This is a game I played with my little host sister. I actually thought it was あっち見てポイ, but doing some searching I see that the 見て (look) is probably 向いて (turn; face), though I suppose in varying regions it may be different. Also, some people say ホイ instead of ポイ.
Here's how to play:
1) Play Rock, Paper, Scissors.
This is called Janken ジャンケン in Japanese. How you play the game (at what speed, with what hand movements, with what words) differs depending on where you are, so I would recommend just playing by your own rules.
The way that I learned to play in Japan is, you say 最初はグー、ジャンケンポイ！(First is rock, janken poi!), setting your hand at the ポイ. The rhythm of your hand movement seemed to be to down-stroke on every other syllable (which took me a while to get used to, since at my house we move our hand at every word and set our hand at scissors instead of 'shoot'). There is probably a different way of playing rock paper scissors for every 100 square miles of land on Earth.
Note: In the Japanese version I learned, if you tie you try to break the tie by saying あいこでしょ, setting your hand at でしょ. I'm not sure what aiko desho means; sometimes I hear it is used just to keep time. If you tie again, you keep on with the あいこでしょuntil a winner emerges.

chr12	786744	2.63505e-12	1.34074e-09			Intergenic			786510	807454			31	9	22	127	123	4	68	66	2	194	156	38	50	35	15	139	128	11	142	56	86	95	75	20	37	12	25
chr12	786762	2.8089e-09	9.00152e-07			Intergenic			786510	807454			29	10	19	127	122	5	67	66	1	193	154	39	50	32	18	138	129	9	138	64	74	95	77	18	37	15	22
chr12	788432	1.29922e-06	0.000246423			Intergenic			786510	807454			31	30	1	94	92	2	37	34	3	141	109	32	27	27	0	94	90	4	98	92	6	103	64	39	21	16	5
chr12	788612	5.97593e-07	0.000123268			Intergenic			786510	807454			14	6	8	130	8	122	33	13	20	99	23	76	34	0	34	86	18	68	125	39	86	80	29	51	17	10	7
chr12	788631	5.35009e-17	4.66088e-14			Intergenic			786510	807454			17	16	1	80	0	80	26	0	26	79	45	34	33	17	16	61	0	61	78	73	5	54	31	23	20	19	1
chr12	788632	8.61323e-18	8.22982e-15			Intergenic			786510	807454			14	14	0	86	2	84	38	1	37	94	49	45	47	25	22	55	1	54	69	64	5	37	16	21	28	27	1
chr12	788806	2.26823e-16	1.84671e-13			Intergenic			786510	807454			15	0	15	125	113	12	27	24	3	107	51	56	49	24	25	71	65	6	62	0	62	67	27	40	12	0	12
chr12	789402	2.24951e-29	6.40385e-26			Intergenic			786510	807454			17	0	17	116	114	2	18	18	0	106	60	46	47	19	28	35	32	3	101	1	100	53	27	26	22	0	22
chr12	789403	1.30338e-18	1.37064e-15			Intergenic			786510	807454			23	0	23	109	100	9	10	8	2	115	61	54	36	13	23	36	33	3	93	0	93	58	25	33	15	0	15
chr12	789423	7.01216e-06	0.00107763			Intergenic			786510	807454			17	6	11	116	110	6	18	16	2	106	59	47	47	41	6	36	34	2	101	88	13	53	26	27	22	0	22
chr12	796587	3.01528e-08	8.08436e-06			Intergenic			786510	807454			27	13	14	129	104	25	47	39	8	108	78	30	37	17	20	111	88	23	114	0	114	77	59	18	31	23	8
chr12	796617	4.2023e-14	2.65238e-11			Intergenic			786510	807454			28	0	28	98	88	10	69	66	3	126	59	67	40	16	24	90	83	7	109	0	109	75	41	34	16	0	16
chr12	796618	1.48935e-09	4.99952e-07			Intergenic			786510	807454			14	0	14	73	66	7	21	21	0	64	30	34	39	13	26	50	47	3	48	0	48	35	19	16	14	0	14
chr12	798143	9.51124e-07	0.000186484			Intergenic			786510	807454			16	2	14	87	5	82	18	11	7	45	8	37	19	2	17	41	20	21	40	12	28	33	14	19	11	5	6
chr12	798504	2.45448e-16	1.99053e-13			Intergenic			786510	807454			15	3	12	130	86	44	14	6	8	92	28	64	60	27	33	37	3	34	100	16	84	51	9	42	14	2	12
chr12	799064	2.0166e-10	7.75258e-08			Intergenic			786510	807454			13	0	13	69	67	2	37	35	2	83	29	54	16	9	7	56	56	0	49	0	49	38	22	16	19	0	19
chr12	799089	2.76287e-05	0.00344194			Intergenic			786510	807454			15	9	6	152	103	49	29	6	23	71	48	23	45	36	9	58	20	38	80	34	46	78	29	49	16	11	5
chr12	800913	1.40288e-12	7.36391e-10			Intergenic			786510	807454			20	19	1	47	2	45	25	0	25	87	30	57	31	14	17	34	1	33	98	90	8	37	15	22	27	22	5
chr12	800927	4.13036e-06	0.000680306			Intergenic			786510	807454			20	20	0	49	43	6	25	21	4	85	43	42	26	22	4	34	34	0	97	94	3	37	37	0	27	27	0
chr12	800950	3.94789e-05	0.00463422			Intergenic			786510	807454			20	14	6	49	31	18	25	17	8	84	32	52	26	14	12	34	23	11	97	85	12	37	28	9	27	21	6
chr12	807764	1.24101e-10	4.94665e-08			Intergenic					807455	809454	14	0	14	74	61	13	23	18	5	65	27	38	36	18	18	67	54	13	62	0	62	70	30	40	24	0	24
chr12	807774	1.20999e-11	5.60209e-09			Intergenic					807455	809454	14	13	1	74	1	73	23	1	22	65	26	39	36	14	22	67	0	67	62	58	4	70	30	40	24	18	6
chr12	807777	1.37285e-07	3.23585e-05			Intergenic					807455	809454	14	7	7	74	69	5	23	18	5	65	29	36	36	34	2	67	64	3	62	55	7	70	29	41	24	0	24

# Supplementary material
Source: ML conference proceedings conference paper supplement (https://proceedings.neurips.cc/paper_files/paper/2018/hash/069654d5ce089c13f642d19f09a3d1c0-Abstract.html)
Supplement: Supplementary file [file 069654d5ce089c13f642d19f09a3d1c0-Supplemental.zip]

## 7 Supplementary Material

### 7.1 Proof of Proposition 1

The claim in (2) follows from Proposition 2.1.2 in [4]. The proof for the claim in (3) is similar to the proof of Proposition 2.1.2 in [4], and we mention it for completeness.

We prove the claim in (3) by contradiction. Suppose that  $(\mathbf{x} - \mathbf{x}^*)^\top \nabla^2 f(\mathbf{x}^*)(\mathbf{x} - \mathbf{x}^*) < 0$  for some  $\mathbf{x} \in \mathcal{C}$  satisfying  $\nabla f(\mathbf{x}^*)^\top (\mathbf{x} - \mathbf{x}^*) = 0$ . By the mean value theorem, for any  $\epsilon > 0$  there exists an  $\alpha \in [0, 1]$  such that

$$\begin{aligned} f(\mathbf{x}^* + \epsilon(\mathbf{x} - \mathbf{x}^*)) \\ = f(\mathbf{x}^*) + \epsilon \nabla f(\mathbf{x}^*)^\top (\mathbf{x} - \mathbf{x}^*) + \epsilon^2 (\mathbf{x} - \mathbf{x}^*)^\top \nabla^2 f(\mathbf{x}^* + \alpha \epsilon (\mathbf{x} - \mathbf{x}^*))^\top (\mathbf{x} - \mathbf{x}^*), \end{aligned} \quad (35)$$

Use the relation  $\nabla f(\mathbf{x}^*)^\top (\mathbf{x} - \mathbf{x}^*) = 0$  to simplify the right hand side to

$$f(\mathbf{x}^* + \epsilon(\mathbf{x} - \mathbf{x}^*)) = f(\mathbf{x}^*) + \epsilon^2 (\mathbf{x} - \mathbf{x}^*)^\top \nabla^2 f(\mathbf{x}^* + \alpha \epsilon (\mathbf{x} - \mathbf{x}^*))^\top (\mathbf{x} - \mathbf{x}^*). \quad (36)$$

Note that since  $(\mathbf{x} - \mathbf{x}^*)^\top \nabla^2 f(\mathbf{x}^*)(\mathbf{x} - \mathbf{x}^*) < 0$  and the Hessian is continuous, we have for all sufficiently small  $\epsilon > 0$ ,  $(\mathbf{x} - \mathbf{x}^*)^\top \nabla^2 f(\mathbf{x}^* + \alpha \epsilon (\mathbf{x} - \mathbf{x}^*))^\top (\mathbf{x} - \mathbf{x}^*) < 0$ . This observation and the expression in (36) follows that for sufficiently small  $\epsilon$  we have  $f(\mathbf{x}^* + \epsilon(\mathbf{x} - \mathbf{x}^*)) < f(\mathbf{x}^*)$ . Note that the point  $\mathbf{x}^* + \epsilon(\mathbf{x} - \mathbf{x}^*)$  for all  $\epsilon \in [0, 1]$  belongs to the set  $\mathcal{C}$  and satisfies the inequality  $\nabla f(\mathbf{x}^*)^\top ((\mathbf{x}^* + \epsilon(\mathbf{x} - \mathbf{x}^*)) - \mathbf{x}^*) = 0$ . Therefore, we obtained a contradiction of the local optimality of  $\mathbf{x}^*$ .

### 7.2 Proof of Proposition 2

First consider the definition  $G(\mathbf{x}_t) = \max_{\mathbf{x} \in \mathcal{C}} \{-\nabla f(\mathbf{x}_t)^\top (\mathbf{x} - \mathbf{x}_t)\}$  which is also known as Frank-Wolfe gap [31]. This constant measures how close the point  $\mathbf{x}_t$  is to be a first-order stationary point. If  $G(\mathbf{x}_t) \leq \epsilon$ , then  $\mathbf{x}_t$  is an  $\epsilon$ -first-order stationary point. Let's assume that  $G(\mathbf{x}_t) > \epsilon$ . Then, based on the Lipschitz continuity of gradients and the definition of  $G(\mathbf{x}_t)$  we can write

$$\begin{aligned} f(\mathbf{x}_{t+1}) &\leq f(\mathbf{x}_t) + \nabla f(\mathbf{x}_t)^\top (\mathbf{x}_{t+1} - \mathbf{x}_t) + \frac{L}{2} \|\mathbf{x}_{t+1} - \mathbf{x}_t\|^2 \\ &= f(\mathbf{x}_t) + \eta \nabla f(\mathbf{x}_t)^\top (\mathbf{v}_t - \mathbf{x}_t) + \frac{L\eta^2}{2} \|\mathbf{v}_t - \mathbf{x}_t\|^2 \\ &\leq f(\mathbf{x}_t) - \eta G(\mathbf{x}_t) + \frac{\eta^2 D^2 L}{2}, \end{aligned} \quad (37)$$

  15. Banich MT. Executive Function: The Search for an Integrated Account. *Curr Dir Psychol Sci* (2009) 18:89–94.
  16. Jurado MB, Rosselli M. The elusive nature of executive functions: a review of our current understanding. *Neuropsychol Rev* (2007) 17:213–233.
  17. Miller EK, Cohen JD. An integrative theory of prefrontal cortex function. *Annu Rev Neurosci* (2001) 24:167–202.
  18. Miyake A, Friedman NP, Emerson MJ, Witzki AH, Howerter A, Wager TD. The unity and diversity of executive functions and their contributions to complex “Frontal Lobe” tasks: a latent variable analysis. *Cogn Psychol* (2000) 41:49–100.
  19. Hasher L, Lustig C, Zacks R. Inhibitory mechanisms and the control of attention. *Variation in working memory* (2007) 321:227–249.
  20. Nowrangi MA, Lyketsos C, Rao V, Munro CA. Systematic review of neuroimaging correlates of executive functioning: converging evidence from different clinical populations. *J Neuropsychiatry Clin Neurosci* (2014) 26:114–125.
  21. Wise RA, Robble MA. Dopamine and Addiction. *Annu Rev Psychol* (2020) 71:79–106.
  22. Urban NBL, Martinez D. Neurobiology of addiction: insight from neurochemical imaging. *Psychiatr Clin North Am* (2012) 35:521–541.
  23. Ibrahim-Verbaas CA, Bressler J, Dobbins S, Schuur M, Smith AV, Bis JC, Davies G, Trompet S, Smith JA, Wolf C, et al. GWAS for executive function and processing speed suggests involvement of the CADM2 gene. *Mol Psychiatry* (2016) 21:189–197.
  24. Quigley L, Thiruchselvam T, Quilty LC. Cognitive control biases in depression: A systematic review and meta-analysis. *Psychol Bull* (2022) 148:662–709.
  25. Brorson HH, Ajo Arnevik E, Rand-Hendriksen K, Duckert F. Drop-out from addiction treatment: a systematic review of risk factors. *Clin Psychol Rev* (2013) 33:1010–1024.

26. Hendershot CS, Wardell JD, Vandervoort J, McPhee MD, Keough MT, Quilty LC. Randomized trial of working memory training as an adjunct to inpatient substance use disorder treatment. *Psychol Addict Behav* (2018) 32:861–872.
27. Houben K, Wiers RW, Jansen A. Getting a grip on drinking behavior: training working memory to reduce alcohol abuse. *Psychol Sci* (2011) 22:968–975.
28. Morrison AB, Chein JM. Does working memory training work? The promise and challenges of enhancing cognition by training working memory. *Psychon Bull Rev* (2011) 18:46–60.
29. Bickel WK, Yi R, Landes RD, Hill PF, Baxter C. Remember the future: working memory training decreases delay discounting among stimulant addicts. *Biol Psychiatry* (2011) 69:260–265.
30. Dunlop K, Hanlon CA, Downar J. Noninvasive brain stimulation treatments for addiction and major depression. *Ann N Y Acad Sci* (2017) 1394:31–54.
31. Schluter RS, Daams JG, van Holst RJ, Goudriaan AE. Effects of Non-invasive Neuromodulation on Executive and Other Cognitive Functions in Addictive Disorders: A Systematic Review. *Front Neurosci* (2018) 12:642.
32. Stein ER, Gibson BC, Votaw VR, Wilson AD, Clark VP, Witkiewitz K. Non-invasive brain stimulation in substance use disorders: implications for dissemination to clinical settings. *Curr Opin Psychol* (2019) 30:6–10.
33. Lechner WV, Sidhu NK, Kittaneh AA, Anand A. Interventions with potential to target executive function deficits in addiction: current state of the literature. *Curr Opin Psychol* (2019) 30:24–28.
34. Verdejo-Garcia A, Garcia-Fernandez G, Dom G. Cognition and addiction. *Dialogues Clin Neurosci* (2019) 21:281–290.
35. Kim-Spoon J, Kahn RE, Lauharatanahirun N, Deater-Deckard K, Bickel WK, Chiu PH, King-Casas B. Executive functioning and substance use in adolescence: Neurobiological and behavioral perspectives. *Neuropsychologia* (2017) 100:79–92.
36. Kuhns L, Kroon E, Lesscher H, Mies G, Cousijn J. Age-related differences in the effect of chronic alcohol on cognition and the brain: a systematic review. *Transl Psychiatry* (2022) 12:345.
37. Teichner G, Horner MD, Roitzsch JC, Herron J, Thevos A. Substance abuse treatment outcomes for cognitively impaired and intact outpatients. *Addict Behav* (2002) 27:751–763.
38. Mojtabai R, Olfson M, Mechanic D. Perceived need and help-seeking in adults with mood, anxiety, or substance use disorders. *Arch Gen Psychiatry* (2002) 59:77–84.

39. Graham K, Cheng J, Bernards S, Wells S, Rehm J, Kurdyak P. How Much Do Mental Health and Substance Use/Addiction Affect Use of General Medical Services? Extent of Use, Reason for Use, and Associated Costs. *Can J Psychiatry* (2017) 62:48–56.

2) Have you won?
If you've won the janken, you get to move on to the next half of the game. Point directly at your opponent's face. Your goal is to point in one of the four directions and have your opponent look in that direction, so try to keep your decision hidden (no shifty eyes!). Say あっち向いてポイin a measured way (to keep time), and at the ポイ you must point your finger in the chosen direction. My brothers don't speak Japanese and couldn't remember the phrase, so we just say "Look over there", 'there' functioning like ポイ. At the same moment, your opponent (whose goal is to NOT look in the direction you point) will move his head to face in their chosen direction. If the direction you point and he looks is the same, you have won. If not, go back to step one.
3) Have you won again?
If you've won the あっち向いてポイ part, you get to bask in your own glory a moment before starting the next game; or you get to deal out a punishment to the loser. My host sister and I played without any ばつ of course, but if you want to add some consequences to your game, it only makes it more exciting. At Nanzan the common punishment was a flick to the forehead with the middle finger. This is the worst punishment of all. If you are the loser, the winner will put his hand over your face, pry back his middle finger like a catapult, and then release it to wreak havoc on your third eye. If this is too extreme, I recommend the good ol' two finger slap to the wrist, or maybe an indian rug burn. If you teach this version of the game to boys, you will have them occupied on long car rides the entire trip, no matter how far the destination is.
Here's a video of a J-Pop group doing some あっち向いてポイ. I chose this one because when they're determining who is going to play who, they do something called グーとパーで別れ (separate with rock or paper). What you do is, everyone stands in a circle and at the last syllable of 別れ you choose either rock or paper. Until the group is evenly split by rock and paper, you keep doing this. It's an easy way to make teams, similar to the 'odd and even' or 'dickey dickey donkey' type of counting games that we do in America when splitting up to play tag, etc.